The GBM group was subdivided into two groups comprising patients surviving more than 15 month (n = 12) and those surviving less than 15 month post surgery (n = 11). Significant differences in serum protein concentration between these groups were found for TSP1 (p = 0.001) and IGFBP3 (p = 0.03) (t test).

Data mining analysis reveals protein profiles in GBM serum

Non-supervised data mining was used to propose potential diagnostic serum protein profiles consisting of at least two proteins. Thresholds of serum protein concentrations for maximum differentiation between GBM and control group were: 208 pg/ml (BMP2), 0.24 ng/ml (HSP70), 3.8 μg/ml (IGFBP3), 32.8 μg/ml (TSP1), 33.9 μg/ml (RBP4), 299 ng/ml (MDK), 1.1 ng/ml (CX3CL1), and 65.5 pg/ml (CXCL10). Except for CXCCL1 and CXCL10, protein concentrations above these thresholds were associated with a GBM. No thresholds were found for the concentrations of the remaining proteins (serotonin, SCF, MDK, FABP7, PF4, IL-1α, and TNF-β).

The defined threshold concentrations were subsequently used for identification of protein profiles by association analysis. The serum profile formed by BMP2, CXCL10, and HSP70 was associated with the clinical feature presence of GBM (Table 3, Fig. 1a). The profile correctly assigned 96% of the GBM subjects and 89% of control subjects by bootstrap validation (p < 0.0001, Fisher’s exact test).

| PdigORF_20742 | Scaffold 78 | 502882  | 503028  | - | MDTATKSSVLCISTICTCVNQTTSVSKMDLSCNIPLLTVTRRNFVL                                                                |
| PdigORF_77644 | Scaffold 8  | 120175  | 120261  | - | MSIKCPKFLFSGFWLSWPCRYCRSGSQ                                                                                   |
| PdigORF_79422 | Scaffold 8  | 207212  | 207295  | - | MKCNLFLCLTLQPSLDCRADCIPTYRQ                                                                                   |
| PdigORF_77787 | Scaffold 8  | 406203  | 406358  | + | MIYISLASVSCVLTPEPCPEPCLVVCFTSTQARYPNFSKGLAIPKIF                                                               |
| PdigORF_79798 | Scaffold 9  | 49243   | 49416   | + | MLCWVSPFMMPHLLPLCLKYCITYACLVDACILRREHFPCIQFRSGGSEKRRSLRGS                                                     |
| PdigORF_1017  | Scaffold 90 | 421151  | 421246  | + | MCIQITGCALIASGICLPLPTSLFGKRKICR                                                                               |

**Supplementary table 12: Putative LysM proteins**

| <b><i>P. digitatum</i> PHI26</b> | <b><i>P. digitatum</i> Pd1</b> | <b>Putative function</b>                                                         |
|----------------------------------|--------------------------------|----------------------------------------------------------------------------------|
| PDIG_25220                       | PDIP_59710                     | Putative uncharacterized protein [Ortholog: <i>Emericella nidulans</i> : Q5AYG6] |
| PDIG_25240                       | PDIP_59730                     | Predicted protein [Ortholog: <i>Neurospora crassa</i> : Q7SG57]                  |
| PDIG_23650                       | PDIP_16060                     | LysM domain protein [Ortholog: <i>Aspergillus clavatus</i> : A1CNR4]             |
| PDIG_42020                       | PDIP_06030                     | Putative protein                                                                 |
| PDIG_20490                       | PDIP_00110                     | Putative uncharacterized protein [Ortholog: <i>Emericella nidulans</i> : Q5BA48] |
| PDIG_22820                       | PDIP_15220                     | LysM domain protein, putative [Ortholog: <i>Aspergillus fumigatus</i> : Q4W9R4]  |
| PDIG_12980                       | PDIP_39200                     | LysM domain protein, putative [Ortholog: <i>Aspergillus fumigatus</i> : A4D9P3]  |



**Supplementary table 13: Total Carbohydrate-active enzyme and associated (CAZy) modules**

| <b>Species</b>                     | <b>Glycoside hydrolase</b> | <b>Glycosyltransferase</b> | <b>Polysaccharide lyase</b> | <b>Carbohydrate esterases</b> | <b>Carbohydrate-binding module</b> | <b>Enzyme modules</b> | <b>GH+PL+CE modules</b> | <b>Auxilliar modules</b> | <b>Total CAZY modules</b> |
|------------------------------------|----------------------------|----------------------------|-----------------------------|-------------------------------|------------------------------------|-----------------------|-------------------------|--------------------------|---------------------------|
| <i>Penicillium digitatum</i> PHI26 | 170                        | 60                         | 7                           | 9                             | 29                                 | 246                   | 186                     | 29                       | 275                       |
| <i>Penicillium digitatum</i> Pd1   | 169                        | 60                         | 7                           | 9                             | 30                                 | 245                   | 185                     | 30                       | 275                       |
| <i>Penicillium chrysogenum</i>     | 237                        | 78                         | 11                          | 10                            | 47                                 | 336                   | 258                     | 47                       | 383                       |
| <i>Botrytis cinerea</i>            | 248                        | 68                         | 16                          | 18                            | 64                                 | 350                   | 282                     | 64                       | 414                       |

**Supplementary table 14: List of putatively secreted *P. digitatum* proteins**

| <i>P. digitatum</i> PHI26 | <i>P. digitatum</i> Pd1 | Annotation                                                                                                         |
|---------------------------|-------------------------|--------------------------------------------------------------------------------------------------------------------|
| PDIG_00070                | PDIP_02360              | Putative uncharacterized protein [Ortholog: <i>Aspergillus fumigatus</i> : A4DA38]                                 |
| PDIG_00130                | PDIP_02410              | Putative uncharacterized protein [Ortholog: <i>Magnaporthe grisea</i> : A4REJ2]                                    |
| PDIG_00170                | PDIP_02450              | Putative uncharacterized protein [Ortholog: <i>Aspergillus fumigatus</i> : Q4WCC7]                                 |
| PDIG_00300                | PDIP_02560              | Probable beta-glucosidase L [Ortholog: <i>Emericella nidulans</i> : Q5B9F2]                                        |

Table 3

Potential diagnostic serum protein profile (BMP2, Hsp) associated with the clinical feature presence of a GBM

BMP2

Hsp70

CXCL10

Diagnosis

Prognosis

Results

737.8

160.799

7.6

GBM

GBM

True positive

303.1

63.709

42.0

GBM

GBM

True positive

632.5

9.853

23.4

GBM

GBM

True positive

123.8

5.077

16.9

GBM

GBM

True positive

223.8

37.714

29.8

GBM

GBM

True positive

393.1

1.943

139.7

GBM

GBM

True positive

227.1

<0.024

16.6

GBM

GBM

True positive

180.8

<0.024

19.0

GBM

GBM

True positive

83.8

0.351

34.7

GBM

GBM

True positive

109.1

<0.024

72.0

GBM

Healthy

False negative

225.1

0.950

53.6

GBM

GBM

True positive

185.8

0.072

7.4

GBM

GBM

True positive

257.1

0.044

24.12

GBM

GBM

True positive

107.1

0.649

146.9

GBM

GBM

True positive

117.9

0.351

6.8

GBM

GBM

True positive

114.6

<0.024

−0.17

GBM

GBM

True positive

373.8

0.064

11.4

GBM

GBM

True positive

158.8

0.344

19.9

GBM

GBM

True positive

161.3

0.538

81.8

GBM

GBM

True positive

117.1

0.138

19.3

GBM

GBM

True positive

107.1

0.520

13

GBM

GBM

True positive

132.9

0.210

38.6

GBM

GBM

True positive

112.1

1.270

21.5

GBM

GBM

True positive

207.8

<0.024

67.9

Healthy

Healthy